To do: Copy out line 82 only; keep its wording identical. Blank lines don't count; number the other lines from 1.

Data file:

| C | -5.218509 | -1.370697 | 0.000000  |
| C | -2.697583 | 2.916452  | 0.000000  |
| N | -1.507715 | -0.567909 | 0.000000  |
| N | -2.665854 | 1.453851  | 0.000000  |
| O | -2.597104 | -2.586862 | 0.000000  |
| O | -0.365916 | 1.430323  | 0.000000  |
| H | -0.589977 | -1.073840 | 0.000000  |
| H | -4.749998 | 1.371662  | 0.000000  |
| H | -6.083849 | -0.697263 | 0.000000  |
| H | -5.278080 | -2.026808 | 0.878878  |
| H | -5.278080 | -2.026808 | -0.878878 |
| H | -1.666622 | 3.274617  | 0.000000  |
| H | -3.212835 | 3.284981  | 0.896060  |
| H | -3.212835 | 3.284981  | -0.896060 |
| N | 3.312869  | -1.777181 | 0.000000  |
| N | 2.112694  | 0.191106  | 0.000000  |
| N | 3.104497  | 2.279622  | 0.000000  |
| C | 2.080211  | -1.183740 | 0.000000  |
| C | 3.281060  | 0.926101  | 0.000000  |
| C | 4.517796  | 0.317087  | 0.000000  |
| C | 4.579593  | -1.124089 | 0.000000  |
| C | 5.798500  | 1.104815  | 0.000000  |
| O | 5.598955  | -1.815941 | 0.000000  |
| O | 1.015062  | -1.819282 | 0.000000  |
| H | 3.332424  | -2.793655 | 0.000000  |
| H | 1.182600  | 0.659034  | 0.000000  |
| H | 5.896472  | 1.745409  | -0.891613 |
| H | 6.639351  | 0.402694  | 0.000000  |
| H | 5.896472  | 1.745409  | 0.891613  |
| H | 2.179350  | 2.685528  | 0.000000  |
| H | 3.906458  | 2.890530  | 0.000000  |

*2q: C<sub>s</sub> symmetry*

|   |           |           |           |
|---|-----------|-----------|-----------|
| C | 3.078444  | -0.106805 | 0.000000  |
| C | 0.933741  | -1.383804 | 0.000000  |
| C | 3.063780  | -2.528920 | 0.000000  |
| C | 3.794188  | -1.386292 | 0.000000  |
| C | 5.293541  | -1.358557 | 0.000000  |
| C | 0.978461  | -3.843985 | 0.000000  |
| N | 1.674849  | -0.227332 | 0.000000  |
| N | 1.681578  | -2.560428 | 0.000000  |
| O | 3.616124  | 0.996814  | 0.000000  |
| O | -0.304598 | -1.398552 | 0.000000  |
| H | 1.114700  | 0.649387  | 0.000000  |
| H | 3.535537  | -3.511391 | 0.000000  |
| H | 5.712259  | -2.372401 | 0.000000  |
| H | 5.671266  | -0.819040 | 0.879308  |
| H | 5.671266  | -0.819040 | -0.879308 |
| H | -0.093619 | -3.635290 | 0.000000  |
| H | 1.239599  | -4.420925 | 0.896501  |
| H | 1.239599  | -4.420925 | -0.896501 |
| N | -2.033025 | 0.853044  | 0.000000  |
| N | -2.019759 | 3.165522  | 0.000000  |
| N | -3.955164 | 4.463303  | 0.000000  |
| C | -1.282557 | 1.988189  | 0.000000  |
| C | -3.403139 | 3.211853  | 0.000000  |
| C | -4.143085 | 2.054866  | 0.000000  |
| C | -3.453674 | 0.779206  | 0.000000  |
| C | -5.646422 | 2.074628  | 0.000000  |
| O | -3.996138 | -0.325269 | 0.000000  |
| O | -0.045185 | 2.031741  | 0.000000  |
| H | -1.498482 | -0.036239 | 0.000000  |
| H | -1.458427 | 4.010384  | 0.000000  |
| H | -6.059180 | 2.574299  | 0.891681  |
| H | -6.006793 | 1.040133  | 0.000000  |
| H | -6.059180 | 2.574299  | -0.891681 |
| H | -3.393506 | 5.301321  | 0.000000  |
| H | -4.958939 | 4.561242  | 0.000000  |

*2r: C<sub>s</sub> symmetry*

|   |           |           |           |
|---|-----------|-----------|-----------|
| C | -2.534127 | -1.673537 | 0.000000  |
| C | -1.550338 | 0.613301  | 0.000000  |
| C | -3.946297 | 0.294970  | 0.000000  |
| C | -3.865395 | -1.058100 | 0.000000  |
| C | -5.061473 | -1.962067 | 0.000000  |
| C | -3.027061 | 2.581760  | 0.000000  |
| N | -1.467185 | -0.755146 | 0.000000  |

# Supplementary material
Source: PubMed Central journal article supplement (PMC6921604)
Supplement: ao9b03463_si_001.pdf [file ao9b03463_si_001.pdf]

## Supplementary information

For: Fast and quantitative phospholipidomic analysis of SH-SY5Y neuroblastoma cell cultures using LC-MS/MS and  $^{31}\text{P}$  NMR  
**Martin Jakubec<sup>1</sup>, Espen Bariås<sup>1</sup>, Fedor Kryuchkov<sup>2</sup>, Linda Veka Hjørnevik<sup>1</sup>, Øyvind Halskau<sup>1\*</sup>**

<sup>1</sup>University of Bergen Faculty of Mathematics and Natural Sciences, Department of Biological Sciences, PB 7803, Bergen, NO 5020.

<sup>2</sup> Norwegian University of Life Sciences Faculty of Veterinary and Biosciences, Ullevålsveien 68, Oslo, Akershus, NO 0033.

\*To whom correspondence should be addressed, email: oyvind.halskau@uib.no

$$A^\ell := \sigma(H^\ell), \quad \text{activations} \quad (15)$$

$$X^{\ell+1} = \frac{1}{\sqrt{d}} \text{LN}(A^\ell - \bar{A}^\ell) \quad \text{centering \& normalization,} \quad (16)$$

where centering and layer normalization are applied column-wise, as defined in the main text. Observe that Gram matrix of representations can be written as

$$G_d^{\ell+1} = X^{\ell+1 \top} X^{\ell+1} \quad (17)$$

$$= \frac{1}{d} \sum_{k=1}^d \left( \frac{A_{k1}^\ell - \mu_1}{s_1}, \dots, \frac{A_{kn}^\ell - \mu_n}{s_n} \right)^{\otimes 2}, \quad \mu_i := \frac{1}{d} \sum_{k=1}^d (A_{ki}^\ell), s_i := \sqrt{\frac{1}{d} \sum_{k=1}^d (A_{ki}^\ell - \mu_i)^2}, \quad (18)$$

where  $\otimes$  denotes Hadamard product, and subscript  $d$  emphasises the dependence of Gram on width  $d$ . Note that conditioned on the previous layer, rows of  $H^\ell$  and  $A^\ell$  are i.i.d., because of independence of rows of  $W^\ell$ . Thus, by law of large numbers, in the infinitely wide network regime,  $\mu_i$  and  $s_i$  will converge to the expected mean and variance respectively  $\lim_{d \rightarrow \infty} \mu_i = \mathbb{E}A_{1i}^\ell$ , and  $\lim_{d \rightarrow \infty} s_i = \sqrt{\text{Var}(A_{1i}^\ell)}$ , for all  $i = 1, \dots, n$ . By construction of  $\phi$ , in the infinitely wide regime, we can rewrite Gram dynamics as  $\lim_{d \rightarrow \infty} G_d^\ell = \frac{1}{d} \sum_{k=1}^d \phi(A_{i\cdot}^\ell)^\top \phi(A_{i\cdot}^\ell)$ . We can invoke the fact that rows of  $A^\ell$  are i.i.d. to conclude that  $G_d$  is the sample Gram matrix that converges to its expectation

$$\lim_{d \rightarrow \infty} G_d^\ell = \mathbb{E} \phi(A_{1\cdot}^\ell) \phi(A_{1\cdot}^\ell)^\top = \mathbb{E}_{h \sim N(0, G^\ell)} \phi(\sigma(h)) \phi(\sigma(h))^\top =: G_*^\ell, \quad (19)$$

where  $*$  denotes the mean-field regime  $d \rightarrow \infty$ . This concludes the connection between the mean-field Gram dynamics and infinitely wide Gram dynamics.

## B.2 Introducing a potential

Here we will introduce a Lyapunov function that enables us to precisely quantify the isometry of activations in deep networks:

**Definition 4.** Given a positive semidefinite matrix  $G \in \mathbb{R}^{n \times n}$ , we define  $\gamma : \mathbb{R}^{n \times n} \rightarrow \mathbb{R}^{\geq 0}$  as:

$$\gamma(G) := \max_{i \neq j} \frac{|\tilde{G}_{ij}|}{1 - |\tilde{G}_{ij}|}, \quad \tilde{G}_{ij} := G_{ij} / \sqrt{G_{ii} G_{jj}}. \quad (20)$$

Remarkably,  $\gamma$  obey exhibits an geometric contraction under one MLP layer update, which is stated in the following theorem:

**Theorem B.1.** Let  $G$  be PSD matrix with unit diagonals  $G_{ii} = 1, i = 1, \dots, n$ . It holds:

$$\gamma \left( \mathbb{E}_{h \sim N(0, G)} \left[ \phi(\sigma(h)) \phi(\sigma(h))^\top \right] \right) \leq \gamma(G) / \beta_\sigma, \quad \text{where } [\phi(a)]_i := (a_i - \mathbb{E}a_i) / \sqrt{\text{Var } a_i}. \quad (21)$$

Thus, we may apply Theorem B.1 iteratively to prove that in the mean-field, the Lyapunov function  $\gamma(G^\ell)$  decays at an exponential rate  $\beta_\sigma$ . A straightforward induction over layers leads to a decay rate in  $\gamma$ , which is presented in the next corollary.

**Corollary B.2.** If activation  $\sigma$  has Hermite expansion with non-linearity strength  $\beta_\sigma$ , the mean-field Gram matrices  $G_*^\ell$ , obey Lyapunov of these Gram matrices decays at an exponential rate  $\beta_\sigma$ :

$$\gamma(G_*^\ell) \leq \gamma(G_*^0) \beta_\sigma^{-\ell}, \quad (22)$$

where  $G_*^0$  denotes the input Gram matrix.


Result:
Supplement: ao9b03463_si_001.pdf [file ao9b03463_si_001.pdf]